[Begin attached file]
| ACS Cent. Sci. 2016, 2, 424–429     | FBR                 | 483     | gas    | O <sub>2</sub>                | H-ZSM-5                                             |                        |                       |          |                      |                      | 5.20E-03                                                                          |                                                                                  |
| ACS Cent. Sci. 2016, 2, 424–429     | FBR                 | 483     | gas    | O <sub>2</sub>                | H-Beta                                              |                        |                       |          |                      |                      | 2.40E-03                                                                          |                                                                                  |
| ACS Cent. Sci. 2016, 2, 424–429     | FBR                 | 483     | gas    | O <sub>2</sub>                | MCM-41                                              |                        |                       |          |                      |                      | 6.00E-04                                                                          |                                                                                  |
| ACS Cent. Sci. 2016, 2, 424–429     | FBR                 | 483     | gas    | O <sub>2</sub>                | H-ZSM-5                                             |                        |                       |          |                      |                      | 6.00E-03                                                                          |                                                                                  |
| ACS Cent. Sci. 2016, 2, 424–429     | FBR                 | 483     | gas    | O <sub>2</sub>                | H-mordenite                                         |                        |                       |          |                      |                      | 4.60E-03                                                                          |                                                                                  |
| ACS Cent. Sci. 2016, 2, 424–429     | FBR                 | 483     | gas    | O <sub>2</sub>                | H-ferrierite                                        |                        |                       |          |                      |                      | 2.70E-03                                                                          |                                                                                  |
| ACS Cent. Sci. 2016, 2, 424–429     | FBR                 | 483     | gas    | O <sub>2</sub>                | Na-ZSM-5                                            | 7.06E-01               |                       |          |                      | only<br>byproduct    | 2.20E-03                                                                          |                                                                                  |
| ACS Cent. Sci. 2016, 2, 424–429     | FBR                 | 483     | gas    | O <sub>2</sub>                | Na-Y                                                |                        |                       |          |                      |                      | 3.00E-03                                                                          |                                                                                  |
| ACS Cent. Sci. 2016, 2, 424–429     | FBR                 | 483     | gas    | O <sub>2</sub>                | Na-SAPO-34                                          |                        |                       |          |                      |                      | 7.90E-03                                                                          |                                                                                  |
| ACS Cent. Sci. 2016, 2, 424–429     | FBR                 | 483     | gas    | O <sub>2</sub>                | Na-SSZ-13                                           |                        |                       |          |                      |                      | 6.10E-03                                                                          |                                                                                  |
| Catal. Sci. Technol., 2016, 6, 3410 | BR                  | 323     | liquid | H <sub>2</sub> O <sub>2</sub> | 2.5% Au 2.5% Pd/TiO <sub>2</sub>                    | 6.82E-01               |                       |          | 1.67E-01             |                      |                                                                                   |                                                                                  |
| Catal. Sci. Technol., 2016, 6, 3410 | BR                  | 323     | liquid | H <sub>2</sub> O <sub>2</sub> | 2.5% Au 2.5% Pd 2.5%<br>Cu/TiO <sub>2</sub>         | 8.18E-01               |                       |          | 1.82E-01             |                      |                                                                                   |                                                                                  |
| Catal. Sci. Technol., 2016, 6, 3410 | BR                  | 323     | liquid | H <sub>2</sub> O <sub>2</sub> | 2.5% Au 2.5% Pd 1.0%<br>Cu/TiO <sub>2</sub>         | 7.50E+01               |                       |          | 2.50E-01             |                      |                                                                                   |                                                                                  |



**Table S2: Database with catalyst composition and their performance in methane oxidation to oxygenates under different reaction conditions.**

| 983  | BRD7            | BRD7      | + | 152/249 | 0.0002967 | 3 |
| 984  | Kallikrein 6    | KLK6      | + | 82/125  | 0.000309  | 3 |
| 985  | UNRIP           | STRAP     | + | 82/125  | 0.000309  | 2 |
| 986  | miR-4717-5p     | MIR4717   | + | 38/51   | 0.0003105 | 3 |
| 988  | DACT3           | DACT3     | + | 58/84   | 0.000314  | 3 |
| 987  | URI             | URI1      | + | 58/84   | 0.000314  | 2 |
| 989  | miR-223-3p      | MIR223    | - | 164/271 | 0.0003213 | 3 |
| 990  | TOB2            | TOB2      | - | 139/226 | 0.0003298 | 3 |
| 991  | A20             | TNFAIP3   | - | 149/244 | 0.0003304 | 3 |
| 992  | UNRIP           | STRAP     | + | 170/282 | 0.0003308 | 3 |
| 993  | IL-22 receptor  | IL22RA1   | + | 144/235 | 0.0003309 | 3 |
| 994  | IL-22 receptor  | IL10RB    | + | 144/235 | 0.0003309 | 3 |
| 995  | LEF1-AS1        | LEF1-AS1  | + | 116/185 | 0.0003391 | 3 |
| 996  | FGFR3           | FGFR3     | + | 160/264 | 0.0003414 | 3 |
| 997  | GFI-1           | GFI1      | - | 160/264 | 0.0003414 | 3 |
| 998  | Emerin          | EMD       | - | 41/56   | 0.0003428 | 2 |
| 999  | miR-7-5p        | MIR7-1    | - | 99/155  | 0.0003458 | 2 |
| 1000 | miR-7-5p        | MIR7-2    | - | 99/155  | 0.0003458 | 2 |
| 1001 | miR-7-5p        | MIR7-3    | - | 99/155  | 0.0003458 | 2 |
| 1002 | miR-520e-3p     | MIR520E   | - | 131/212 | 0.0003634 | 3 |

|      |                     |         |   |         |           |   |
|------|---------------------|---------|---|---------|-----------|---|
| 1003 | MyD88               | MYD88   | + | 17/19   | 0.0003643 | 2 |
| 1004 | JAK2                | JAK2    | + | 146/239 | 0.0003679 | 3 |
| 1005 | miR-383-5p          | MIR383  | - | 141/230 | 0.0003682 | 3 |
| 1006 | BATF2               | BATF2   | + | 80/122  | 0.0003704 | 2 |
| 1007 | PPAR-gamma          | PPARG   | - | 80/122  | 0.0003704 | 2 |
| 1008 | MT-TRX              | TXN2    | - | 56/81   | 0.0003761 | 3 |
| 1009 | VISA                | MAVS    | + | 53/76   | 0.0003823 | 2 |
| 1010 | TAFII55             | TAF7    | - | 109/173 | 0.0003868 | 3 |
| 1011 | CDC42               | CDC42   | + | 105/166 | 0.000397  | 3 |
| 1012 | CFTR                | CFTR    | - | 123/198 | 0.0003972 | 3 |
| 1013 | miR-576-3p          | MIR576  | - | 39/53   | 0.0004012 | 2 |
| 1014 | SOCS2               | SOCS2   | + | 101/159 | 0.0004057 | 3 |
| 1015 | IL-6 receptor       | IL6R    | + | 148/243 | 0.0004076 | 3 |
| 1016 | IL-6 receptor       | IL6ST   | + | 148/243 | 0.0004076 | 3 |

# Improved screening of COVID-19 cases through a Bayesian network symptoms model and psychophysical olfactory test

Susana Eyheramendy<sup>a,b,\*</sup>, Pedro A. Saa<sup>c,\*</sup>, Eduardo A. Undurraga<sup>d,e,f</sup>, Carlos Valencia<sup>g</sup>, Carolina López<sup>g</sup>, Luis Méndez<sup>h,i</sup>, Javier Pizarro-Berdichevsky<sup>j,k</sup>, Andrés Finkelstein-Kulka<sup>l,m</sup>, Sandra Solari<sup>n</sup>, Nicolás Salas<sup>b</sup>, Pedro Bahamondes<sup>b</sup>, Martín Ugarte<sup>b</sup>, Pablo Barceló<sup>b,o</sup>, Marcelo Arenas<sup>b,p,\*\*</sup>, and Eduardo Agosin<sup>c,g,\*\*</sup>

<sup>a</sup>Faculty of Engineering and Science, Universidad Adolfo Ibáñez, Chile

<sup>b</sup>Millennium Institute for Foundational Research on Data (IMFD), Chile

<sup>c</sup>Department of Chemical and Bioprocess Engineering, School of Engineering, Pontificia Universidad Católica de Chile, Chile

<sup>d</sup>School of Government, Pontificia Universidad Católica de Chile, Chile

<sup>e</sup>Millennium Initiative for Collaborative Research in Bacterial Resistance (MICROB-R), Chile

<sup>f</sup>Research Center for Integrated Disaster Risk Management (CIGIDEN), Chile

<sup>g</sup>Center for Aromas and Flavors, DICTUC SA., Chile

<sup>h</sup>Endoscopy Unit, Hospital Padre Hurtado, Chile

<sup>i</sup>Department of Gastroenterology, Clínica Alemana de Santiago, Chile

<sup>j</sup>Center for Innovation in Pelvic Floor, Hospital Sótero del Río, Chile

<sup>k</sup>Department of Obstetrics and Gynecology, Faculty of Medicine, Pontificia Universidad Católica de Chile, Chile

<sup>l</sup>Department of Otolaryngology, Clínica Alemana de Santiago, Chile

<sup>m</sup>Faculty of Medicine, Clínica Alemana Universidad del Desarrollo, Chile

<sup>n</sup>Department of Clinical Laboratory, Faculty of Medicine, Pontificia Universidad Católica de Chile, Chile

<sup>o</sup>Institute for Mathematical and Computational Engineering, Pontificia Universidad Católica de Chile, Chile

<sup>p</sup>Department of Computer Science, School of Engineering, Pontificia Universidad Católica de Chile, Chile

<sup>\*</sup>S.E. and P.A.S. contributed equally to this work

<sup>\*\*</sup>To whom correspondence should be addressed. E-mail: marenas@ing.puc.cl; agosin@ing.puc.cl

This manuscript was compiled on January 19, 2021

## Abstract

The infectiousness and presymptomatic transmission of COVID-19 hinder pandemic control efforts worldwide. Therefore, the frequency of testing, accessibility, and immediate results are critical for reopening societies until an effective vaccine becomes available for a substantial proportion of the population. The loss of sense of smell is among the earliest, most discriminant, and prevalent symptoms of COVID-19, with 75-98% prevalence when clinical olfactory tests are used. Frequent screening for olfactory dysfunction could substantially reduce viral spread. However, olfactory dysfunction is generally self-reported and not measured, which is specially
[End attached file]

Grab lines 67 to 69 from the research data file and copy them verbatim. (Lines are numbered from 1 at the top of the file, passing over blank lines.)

<sup>o</sup>Institute for Mathematical and Computational Engineering, Pontificia Universidad Católica de Chile, Chile

<sup>p</sup>Department of Computer Science, School of Engineering, Pontificia Universidad Católica de Chile, Chile

<sup>\*</sup>S.E. and P.A.S. contributed equally to this work